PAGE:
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Defining a database table

Business object instances are typically java object representations of rows of a database table.

The addition of following columns to each database table is strongly suggested:

  • Object ID
  • Version number

Object ID

The Object ID is used as a globally unique identifier of each row across all database tables (see caveat below). That is, every row in every table should have a different object value. It is typically defined as a VARCHAR field of 36 characters, and should be named "OBJ_ID". A unique constraint should be applied to the object ID column, but must NOT be part of the primary key.

The object ID value is automatically stored by the framework and/or the database layer.

About the object ID

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The value of the object ID is a Globally Unique Identifier (GUID). It is extremely likely that each row will have a unique value, and for practical purposes, we assume that each row will have a unique object ID.

Version number

KFS/Rice uses optimistic locking to provide concurrency control. Optimistic locking requires the use of a version number field, named "VER_NBR". On Oracle, the field is defined as a NUMBER(8,0). On MySQL, the field is defined as a DECIMAL(8). This column should NOT be part of the primary key.

About optimistic locking

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Optimistic locking helps to prevent updates to stale data and consists of two steps:

  1. Retrieval of a row from a database, including the value of the version number column
  2. Updating/deleting a row from the database with the same primary key and version number criteria. If updating the table, the version number will be incremented by one.

The following series of steps demonstrates how optimistic locking works:

  1. User A retrieves the row for chart code "BL". Assume that the row has version number of 3.
  2. User A performs a update of the "BL" record. The SQL query that updates the record would read something like "UPDATE CA_CHART_T SET <some updates>, VER_NBR = 4 WHERE FIN_COA_CD = "BL" and VER_NBR = 3. (The "4" refers to the incremented version number.)
  3. User B retrieves the row for chart code "BL". The version number is now 4.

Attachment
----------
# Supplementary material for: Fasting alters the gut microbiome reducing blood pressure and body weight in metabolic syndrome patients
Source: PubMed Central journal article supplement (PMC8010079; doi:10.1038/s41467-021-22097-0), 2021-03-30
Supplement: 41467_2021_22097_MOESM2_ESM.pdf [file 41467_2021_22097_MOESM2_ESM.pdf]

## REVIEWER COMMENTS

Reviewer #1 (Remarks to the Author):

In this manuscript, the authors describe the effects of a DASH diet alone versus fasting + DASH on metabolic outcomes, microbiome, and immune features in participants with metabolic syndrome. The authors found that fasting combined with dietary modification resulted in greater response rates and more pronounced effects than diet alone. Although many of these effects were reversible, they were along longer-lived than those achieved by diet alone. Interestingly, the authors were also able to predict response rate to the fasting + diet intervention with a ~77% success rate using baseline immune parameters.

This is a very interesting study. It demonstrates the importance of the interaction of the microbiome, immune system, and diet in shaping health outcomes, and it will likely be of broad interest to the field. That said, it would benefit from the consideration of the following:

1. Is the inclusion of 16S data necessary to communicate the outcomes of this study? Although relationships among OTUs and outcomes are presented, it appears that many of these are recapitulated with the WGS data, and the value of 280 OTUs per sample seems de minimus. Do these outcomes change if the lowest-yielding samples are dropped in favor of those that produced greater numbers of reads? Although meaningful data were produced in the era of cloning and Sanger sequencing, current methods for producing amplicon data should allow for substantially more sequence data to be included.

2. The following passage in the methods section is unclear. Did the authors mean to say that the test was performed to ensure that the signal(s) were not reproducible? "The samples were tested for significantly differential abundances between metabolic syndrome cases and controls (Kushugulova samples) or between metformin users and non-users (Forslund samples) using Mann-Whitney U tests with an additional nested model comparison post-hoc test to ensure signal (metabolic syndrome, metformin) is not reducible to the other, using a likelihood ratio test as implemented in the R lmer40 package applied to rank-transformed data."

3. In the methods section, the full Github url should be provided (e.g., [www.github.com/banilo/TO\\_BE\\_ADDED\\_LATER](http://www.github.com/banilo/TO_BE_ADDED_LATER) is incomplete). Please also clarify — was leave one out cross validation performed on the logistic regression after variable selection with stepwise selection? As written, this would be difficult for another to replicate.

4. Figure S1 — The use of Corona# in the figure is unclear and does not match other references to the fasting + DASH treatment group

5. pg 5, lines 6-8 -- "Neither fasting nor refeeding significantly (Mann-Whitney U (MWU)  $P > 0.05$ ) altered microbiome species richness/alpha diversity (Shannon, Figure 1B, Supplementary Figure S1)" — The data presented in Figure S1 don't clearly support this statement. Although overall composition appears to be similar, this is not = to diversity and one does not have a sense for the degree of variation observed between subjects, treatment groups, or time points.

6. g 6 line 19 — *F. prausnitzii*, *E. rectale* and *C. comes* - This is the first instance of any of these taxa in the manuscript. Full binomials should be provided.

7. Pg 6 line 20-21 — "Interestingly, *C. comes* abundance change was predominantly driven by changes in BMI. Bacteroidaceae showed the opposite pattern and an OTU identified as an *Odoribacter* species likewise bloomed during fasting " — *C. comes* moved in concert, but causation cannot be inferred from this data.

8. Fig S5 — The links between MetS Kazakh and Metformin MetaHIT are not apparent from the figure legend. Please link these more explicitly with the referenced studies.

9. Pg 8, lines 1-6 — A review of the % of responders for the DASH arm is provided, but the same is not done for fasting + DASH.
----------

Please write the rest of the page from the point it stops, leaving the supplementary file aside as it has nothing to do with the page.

4. User B performs a update of the "BL" record. The SQL query that updates the record would read something like "UPDATE CA_CHART_T SET <some updates>, VER_NBR = 5 WHERE FIN_COA_CD = "BL" and VER_NBR = 4. (The "5" refers to the incremented version number.)

The following series of steps demonstrates how optimistic locking prevents concurrency problems.

  1. User A retrieves the row for chart code "BL". Assume that the row has version number of 3.
  2. User B retrieves the row for chart code "BL". Like user A, the version number is 3.
  3. User A performs a update of the "BL" record. The SQL query that updates the record would read something like "UPDATE CA_CHART_T SET <some updates>, VER_NBR = 4 WHERE FIN_COA_CD = "BL" and VER_NBR = 3. (The "4" refers to the incremented version number.)
  4. User B performs a update of the "BL" record. The SQL query that updates the record would read something like what User A executed above (notice the version numbers). However, the previous step already updated the version number to 4 from 3, so this update does nothing (i.e. update row count = 0) because it was trying to update the BL chart with a version number of 3. The system detects the 0 update row count, and throws an OptimisticLockingException. This exception indicates that the system tried to update stale data.

Example Account table definition

Below is the definition of the simplified account table.

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